This grantee profile features Asura for our series of Frictionless Data Tool Fund posts, written to shine a light on Frictionless Data’s Tool Fund grantees, their work and to let our technical community know how they can get involved.
# Meet Asura
Hallihallöchen meine Lieben!
I’m Asura and I’m a doctoral student at Simon Fraser University, Vancouver. I’m working in the muddy area between data science, communication, and philosophy in order to explore questions of power and systemic inequality within scholarly communication. This means that I work at the ScholCommLab as a data scientist, while exploring the philosophical issues in my doctoral project. Concretely, I am intending to develop an analytic framework for the study citations as infrastructure building on critical feminist theory and Science and Technology Studies (STS). However, I remain a coder and tinkerer at heart, which is how I ended up working with Frictionless Data on Metrics in Context.
# How did you first hear about Frictionless Data?
I first heard about Frictionless Data at the pre-csv,conf,v4 meetup hosted by Open Knowledge Foundation in 2019. I remember being quite impressed by the basic premise of Frictionless, although I hadn’t grasped the full picture of the technicalities yet. During the main conference I then learnt about more opportunities to get involved such as the Fellowship and the Tool Fund. I left csv,conf with great impressions and plans to work out an application but then life a.k.a my PhD happened… I had forgotten about Frictionless Data, until I recently found out that the Tool Fund is going into its second round. At the time I had started working with the Make Data Count team on data citations, then ideas and topics fell into place, and here I am now!
# What specific issues are you looking to address with the Tool Fund?
In this project, I want to address a common theme within the critique of modern technology in our data-driven world: the lack of context for data and, often related, biases in databases. Algorithmic and database biases have moved into the spotlight of critical thought on how technology exacerbates systemic inequalities. Following these insights, I want to address the need for different (rather than simply more) context and metadata for scholarly metrics in the face of racial, gender, and geographic biases which plague modern academia.
It isn’t controversial to say that scholarly metrics have become an integral part of scholarship and probably they are here to stay. Controversy usually comes into play once we discuss how and for which purposes metrics are used. This typically refers to the (mis)use of citation counts and citation-based indicators1 for research assessment and governance, which also led to a considerable number of initiatives and movements calling for a responsible use of metrics2. However, I would like to take a step back and redirect the attention to the origin of the data underlying citation counts.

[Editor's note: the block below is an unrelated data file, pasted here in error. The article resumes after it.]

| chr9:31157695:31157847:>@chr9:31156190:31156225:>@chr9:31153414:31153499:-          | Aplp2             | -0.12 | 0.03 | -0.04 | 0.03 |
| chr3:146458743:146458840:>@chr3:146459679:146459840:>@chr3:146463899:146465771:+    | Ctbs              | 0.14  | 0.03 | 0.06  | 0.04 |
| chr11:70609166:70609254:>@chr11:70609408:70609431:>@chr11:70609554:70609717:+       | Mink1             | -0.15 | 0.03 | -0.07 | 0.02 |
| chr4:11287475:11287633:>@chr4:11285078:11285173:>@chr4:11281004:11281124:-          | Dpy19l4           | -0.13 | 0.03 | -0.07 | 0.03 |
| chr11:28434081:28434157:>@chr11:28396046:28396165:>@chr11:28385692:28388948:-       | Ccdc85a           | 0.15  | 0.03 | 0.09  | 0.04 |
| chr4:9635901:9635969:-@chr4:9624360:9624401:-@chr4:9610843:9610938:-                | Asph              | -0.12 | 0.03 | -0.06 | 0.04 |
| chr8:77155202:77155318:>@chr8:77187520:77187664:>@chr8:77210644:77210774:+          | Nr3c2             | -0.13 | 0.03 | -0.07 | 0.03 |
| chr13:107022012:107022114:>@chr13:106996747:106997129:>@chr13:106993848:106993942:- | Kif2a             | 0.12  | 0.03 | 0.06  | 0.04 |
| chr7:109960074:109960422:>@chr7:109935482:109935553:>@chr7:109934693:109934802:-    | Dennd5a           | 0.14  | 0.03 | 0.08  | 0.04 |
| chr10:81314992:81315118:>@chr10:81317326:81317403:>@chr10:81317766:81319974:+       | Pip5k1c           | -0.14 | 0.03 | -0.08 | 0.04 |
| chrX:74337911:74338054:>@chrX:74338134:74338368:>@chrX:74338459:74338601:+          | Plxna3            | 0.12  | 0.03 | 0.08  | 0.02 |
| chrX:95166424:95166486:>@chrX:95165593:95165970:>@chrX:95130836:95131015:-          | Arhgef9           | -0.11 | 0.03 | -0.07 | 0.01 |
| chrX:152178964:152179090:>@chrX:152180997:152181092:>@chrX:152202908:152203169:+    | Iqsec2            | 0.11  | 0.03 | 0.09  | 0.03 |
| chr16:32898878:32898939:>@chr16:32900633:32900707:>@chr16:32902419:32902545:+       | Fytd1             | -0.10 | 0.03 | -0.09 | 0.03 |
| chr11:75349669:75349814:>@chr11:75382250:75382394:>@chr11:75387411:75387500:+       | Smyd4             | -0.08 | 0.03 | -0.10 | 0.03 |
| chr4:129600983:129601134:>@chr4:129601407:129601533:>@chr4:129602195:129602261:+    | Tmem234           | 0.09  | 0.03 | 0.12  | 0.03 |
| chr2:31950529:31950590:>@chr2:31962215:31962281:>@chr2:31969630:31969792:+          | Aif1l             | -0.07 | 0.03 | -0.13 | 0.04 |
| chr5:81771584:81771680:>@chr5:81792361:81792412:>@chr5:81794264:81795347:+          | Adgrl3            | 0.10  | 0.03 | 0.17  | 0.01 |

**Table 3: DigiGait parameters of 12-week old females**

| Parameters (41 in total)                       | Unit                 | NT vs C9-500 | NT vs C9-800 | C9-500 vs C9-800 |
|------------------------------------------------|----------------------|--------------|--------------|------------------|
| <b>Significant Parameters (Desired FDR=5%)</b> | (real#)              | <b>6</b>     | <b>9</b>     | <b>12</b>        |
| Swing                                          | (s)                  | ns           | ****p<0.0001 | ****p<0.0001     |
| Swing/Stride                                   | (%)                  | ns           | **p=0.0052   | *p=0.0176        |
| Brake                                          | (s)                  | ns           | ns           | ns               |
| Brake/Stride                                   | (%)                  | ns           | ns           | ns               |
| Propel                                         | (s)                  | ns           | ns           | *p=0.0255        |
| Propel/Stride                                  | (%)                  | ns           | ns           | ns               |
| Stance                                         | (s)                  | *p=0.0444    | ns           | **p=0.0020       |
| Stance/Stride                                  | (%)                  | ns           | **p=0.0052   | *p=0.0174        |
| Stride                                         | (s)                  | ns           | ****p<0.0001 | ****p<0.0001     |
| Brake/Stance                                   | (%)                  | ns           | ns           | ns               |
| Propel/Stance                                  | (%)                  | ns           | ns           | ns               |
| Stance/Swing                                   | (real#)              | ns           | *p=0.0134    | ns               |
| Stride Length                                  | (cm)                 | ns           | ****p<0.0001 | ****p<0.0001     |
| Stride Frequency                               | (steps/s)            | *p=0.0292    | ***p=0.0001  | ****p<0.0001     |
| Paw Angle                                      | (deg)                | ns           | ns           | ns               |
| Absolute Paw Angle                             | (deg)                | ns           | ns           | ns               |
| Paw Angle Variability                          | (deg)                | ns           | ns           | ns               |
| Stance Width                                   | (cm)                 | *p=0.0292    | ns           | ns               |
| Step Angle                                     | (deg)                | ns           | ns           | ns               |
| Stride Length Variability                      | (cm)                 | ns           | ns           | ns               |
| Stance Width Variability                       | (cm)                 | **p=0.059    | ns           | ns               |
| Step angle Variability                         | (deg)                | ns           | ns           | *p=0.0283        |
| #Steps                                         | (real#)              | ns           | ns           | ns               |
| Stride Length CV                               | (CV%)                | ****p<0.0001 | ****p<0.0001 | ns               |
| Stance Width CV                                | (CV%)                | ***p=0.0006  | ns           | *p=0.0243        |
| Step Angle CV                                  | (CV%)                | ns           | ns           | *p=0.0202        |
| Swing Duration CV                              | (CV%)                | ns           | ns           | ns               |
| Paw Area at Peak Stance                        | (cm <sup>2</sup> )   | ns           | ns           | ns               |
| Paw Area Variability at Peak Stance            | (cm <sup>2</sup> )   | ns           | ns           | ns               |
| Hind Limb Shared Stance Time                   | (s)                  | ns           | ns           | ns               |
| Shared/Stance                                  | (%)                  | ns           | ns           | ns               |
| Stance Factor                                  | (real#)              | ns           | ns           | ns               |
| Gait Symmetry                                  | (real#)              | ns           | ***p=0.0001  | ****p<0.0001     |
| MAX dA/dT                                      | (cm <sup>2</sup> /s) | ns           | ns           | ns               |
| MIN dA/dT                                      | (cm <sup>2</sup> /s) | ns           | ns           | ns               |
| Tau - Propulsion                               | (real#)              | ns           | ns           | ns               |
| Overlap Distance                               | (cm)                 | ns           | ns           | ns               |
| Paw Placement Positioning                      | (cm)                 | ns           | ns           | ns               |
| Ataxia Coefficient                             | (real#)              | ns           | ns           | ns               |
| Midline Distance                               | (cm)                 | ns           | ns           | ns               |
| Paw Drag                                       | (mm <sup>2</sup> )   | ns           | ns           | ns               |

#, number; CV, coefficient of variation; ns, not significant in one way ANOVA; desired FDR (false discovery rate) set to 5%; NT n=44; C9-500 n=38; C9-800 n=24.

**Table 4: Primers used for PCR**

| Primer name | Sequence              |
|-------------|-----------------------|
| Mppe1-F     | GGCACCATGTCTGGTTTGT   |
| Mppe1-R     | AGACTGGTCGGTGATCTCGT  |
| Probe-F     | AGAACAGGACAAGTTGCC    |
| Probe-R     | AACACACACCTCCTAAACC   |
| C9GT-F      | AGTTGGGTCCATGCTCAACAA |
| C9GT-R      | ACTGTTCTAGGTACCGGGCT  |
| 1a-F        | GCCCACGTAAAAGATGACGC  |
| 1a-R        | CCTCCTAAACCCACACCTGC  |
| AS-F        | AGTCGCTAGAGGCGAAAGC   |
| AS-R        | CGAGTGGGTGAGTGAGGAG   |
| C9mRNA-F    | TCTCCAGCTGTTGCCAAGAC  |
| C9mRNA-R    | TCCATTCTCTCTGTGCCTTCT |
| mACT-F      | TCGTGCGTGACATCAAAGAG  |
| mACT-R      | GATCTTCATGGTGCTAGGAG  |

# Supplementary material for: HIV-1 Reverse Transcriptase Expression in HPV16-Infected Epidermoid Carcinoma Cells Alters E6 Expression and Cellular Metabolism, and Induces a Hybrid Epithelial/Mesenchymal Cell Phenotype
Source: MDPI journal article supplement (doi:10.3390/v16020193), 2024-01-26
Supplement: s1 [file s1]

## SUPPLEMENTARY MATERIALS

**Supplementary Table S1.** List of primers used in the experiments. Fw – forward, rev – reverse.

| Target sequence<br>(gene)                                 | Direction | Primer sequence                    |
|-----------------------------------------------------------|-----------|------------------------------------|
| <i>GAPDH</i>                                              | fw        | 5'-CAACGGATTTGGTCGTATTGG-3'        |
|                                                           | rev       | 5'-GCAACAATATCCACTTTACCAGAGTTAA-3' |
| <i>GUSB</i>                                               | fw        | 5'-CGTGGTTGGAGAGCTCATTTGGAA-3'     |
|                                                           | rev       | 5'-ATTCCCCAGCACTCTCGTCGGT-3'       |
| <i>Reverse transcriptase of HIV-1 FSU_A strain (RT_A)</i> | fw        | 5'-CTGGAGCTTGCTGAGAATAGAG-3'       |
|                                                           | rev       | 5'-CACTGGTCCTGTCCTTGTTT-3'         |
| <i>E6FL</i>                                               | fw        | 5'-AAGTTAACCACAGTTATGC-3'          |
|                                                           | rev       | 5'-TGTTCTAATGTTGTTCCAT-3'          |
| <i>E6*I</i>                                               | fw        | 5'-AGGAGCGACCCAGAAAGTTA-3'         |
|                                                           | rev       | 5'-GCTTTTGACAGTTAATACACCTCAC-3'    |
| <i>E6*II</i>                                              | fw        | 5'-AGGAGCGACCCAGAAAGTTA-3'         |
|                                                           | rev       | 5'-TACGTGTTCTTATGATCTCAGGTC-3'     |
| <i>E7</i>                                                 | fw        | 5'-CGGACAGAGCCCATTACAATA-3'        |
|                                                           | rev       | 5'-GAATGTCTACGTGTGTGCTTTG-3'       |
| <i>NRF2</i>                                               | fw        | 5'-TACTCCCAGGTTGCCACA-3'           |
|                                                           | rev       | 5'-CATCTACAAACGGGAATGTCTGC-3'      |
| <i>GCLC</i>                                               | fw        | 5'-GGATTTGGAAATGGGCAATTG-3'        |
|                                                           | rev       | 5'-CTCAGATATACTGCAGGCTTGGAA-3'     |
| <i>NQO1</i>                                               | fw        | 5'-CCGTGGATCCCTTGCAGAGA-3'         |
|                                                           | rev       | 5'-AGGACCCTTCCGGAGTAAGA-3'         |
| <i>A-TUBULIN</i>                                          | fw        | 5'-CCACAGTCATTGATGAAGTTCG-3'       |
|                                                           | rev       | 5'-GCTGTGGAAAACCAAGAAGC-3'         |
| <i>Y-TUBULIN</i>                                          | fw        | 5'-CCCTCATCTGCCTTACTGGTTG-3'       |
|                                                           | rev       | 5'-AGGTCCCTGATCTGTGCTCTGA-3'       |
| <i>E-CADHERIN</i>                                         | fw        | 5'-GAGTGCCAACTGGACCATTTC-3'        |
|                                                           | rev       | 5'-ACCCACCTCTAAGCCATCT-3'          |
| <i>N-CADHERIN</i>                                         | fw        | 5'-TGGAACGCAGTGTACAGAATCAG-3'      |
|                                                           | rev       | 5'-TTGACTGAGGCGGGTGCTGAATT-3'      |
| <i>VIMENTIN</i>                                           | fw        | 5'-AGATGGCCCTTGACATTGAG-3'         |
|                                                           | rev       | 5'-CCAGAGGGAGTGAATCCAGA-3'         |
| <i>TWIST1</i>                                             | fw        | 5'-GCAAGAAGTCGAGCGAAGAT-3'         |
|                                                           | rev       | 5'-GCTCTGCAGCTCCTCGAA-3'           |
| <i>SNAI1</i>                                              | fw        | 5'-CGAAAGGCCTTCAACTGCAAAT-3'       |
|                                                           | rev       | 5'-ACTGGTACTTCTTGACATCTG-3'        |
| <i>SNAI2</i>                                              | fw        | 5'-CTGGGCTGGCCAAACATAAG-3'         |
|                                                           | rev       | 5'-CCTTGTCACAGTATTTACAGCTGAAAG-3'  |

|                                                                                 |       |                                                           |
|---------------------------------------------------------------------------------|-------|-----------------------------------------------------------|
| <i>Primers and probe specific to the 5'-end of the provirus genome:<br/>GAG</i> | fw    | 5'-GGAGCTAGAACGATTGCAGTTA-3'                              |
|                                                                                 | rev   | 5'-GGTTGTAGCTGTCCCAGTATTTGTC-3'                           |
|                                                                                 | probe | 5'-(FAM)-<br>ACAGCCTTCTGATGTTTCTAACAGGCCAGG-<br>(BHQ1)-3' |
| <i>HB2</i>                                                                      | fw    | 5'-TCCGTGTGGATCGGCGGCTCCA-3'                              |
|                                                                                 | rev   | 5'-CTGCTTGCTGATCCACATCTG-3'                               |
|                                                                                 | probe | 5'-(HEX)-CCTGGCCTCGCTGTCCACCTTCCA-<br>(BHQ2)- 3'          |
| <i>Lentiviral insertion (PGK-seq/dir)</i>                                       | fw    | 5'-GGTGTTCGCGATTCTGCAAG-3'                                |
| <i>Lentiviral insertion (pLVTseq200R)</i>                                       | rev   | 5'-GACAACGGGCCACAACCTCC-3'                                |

These conversations about the inherent biases of citation databases are not entirely new and scholars across disciplines have been highlighting the consequential systemic issues. However, in this project I am not proposing a solution to overcome or abolish these biases per se, but rather I want to shine light on the opaque mechanism of capturing metrics which lead to the aforementioned inequalities. In other words, I propose to develop an open data standard3 for scholarly metrics which documents the context in which the data was captured. This metadata describes the properties of the capturing apparatus of a scholarly event (e.g., a citation, news mention, or tweet of an article) such as the limitations of document coverage (what kind of articles are indexed?), the kind of events captured (tweets, retweets, or the both maybe?) or other technicalities (is Facebook considered as a whole or only a subset of public pages?).
While metrics in context don’t remove systemic inequality, they make the usually hidden and inaccessible biases visible and explicit. In doing so, they facilitate conversations about structural issues in academia and eventually contribute to the development of better infrastructures for the future.
# How can the open data, open source, or open science communities engage with the work you are doing?
Metrics in Context will be fully conducted out in the open which means that all resources will be available on Github and I will do my best to transparently document progress and decisions.
The project is organized in three parts (roughly breaking down into conceptual questions, technical implementation, and scholarly application) and I invite all of you to leave your ideas, thoughts, and critiques via email or a Github issue.
You can see the full roadmap with a detailed breakdown of tasks here: https://github.com/Bubblbu/metrics-in-context/issues/2 (opens new window)
1. There is extensive literature for the critique of indicators such as the h-index or Journal Impact Factor. See Haustein and Larivière (2015) for an overview.
2. See DORA and the Leiden Manifesto for two prominent examples of responsible research metrics initiatives
3. I am expecting references to this xkcd comic on standards: https://xkcd.com/927/ (opens new window)